Pay the Bill: UK Eyes Big Tax Rises After Government Coronavirus Spending Spree

LONDON, ENGLAND - MARCH 20: Chancellor of the Exchequer Rishi Sunak speaks during a daily press conference at 10 Downing Street on March 20, 2020 in London, England. During the press conference, British Prime Minister Boris Johnson told pubs, cafes, bars, restaurants and gyms to close, whilst Chancellor Rishi Sunak …
Julian Simmonds - WPA Pool/Getty Images

The Treasury is reportedly considering tax rises to the tune of up to £30 billion to cover the cost of the government’s coronavirus response spending spree, with the department even contemplating raising the tax on petrol which would affect millions of ordinary Britons.

Faced with the rising bill for the government’s coronavirus stimulus packages, Chancellor of the Exchequer Rishi Sunak is said to be considering raising taxes on businesses, pensions, and higher earners, in what The Telegraph described as the largest series of tax rises in a generation.

The Sun also reported on Monday that the chancellor is even considering a rise of 5p a litre on car fuel, ending a ten-year freeze on the duty.

Conservative MP Robert Halfon condemned the speculated fuel rise, telling the tabloid: “Now is not the time to clobber workers, families, white van men and women and our public services with a fuel duty increase.”

The revenue is needed after the government shut down large parts of the economy in the face of the threats it perceived from the coronavirus pandemic. It introduced a job retention scheme in March which pays British workers to stay at home.

Breitbart London reported that in May, the programme left half of the adult population being paid by the government. By the end of July, it had cost British taxpayers £31.7 billion and is expected to rise some £14 billion for every successive month, though the programme is starting to wind down.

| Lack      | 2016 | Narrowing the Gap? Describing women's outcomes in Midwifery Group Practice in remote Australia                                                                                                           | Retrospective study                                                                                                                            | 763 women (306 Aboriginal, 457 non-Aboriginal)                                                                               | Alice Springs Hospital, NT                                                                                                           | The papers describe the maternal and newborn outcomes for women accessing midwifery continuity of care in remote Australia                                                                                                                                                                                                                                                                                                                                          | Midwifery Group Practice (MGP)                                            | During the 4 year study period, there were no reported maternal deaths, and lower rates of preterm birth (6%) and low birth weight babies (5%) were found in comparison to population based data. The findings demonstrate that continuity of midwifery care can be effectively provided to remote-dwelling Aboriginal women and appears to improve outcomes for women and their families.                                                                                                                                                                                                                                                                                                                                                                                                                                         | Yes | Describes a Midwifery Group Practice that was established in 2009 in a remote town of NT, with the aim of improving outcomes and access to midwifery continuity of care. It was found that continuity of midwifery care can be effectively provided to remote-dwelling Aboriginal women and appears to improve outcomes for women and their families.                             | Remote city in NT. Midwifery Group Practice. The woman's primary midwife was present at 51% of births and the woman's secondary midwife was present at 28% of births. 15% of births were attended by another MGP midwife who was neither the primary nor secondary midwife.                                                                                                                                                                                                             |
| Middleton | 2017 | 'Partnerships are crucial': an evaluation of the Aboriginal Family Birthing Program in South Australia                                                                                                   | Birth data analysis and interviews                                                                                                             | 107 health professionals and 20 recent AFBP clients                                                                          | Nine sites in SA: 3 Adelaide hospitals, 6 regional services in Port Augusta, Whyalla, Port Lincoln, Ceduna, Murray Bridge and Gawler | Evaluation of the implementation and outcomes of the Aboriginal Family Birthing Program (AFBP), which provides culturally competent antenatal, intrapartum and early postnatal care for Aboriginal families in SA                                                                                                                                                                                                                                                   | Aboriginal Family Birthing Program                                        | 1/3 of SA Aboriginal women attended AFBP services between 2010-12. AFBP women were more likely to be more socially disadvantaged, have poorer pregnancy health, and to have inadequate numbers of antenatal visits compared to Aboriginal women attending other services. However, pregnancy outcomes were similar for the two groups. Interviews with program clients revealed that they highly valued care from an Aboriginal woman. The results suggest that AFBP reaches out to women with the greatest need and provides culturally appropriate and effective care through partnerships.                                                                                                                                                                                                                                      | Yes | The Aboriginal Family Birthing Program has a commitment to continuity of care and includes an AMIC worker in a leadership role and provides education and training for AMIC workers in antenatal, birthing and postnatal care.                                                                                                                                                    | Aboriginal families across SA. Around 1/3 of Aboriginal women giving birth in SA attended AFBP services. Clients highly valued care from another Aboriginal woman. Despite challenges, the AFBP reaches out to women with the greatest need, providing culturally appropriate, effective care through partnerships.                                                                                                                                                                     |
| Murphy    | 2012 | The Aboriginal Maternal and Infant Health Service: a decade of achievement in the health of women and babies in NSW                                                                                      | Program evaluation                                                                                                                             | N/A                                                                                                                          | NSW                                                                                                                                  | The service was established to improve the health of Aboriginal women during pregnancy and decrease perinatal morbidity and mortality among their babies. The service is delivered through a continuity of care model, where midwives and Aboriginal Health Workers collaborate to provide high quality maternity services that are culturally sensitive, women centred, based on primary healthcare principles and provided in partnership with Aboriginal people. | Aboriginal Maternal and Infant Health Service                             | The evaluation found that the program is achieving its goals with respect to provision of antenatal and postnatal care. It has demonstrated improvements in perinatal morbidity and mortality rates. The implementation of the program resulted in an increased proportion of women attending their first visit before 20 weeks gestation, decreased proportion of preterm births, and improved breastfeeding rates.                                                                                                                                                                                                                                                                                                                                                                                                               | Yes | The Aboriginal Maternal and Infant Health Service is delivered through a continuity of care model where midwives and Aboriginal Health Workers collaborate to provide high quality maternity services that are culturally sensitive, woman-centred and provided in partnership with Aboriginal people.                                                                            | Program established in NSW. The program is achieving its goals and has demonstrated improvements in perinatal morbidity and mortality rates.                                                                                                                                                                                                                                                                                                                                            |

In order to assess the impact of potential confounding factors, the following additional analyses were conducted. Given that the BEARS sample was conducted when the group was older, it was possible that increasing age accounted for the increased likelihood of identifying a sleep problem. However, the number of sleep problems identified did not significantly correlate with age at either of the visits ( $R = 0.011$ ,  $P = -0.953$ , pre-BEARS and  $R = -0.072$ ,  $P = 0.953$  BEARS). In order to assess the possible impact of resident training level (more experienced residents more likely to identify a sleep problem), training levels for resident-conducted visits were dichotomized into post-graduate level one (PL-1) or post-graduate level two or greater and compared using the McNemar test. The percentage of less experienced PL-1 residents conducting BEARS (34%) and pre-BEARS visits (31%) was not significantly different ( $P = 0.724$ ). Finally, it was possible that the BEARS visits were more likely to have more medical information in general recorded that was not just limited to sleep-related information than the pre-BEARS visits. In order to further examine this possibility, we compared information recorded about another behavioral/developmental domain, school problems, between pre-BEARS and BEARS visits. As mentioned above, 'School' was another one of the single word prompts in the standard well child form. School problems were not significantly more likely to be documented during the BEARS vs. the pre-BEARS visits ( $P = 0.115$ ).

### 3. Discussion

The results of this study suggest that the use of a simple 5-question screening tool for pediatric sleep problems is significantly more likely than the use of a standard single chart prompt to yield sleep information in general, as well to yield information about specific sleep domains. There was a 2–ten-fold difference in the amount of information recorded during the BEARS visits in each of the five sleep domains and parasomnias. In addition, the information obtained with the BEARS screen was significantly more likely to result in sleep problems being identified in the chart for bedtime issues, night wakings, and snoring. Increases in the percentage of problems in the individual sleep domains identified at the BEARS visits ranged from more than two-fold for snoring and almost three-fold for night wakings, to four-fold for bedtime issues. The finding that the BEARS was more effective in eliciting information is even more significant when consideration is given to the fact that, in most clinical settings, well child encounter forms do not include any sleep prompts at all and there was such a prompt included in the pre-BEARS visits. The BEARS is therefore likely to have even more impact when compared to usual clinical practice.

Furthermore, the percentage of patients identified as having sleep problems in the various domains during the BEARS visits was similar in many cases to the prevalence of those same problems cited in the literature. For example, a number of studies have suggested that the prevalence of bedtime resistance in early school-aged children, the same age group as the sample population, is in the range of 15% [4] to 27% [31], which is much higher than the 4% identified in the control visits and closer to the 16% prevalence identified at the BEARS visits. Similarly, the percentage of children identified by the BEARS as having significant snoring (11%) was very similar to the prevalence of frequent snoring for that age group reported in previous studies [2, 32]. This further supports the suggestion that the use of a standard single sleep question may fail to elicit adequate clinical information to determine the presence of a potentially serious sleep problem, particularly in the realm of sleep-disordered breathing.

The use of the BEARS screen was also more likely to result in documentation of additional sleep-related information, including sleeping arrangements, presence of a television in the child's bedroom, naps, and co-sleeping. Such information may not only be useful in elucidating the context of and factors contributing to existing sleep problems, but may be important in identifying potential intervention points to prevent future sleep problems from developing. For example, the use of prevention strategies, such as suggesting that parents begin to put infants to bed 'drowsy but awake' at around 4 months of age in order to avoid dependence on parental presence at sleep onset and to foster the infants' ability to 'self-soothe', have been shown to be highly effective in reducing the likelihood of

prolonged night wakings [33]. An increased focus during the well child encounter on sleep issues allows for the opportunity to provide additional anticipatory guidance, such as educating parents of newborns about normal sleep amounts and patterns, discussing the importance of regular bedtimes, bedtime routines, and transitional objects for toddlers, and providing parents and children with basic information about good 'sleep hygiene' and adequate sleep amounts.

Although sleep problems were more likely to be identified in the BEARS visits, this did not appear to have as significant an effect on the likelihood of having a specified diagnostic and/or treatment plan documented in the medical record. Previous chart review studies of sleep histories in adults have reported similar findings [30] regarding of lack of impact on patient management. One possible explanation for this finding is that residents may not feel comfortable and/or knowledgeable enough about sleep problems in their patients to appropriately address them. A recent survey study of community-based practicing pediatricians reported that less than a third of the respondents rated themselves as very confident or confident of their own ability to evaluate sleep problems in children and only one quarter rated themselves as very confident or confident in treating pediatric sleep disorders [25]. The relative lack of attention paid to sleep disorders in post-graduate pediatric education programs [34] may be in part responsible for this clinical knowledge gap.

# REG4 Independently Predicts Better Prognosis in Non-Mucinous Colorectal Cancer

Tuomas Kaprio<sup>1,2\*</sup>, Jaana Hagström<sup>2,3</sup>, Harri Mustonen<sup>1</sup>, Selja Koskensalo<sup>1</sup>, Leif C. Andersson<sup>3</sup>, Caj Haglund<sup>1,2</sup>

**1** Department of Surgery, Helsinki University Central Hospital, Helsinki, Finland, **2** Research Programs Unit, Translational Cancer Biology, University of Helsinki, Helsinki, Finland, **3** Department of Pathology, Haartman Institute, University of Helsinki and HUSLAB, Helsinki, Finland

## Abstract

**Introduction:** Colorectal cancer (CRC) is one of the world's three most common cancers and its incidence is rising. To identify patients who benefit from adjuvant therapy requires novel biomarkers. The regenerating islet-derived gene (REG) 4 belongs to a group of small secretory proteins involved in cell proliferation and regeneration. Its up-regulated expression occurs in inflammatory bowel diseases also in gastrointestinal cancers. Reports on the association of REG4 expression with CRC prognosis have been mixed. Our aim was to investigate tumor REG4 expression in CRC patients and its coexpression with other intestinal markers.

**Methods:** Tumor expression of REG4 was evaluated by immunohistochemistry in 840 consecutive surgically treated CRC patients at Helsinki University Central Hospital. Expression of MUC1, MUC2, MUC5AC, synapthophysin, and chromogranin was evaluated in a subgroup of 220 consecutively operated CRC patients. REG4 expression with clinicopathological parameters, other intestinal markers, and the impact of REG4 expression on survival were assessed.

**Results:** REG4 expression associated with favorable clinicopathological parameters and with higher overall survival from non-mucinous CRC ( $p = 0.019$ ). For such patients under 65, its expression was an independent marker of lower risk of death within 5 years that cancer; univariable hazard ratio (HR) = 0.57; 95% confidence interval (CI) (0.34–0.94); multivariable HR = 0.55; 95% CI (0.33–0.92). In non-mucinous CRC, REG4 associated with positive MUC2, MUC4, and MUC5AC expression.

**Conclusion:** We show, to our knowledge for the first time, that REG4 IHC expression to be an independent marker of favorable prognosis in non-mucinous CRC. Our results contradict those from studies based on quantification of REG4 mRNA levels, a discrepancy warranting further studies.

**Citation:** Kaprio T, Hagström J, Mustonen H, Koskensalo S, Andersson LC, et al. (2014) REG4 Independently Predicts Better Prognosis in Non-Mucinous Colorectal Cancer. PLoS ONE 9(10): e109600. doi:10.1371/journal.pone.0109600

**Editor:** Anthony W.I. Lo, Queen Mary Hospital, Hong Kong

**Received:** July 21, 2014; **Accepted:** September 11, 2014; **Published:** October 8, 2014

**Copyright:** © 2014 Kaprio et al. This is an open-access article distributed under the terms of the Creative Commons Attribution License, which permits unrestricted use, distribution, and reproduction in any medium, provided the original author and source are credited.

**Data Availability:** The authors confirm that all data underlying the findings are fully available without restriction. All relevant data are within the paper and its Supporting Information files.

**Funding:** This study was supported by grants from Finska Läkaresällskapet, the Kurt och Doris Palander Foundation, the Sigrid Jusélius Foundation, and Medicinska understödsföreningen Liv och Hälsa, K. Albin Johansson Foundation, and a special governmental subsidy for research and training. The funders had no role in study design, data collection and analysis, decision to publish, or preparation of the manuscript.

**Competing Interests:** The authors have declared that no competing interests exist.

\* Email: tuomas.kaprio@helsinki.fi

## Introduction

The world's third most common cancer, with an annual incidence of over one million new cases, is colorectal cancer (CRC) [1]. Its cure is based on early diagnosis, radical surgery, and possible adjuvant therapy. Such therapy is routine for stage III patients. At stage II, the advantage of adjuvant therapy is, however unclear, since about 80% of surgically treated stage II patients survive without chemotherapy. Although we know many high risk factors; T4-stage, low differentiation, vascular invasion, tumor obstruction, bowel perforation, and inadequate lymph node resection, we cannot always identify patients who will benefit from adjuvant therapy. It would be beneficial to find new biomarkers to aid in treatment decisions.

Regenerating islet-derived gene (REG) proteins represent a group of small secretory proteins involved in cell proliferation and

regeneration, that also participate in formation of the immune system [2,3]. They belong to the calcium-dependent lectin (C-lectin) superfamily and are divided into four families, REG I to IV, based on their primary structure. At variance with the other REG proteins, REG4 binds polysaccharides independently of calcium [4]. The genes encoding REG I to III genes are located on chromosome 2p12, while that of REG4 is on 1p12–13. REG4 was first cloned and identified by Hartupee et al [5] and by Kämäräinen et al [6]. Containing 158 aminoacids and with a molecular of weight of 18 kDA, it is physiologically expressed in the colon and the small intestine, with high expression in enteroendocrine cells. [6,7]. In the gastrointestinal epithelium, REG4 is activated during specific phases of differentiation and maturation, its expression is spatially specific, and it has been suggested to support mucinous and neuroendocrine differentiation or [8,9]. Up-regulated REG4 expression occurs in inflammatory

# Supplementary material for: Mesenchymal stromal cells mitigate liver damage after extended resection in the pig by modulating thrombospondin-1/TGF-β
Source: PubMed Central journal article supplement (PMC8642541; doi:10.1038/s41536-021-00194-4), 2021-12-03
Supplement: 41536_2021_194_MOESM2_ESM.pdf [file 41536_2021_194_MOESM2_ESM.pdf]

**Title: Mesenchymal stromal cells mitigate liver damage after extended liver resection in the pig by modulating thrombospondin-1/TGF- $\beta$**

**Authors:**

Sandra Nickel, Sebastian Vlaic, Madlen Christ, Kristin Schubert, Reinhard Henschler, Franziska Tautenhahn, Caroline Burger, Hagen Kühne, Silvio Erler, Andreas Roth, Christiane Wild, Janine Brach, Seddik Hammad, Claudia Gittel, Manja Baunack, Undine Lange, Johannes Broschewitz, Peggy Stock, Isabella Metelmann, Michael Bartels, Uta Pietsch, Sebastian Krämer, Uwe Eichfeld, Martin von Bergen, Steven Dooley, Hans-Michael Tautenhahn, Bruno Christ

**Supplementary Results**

Other schemes by the chancellor, such as Eat Out to Help Out, cost British taxpayers £600 million.

National debt exceeded £2 trillion for the first time in July, with the deficit set to top £300 billion this year. Last month, the UK officially went into recession for the first time in 11 years, after the economy shrank 20.4 per cent compared to the first three months of the year — one of the largest shrinkages in Europe and the deepest recession among top global economies.

Amidst the rises in tax being considered for November’s budget is an increase in corporation tax from 19 per cent to 24 per cent, according to The Sunday Times, leading to Conservative MP John Redwood to warn: “You cannot tax your way to faster growth and more prosperity. We need policies to promote more jobs and activity to get the deficit down.”

Business leaders told The Telegraph that they were concerned added taxes could dent the UK’s competitiveness internationally at a time when the country is set to launch itself as fully independent of the EU. One anonymous Cabinet minister told the newspaper yesterday that to pay for COVID, the government needs to grow the economy, by cutting “corporation tax and other taxes to increase transactions”.

“Putting taxes up now would be like acid rain falling on the green shoots of recovery. If you increase capital gains tax, for instance, people will just stop selling their assets, so you will get less tax revenue,” he said.

A former senior figure in the Labour Party, John McDonnell, even accused the Tories of stealing plans to raise corporation and capital gains taxes straight from their far-leftist manifesto.

Media also reported that the government was considering scrapping the David Cameron era 0.7 per cent GDP pledge to foreign aid, an unpopular policy with some quarters of the right of the Conservative government over its wasteful distribution. However, a government source told The Times that the government will keep the multi-billion-pound international handout as retaining it was a manifesto pledge.

.

Please let us know if you're having issues with commenting.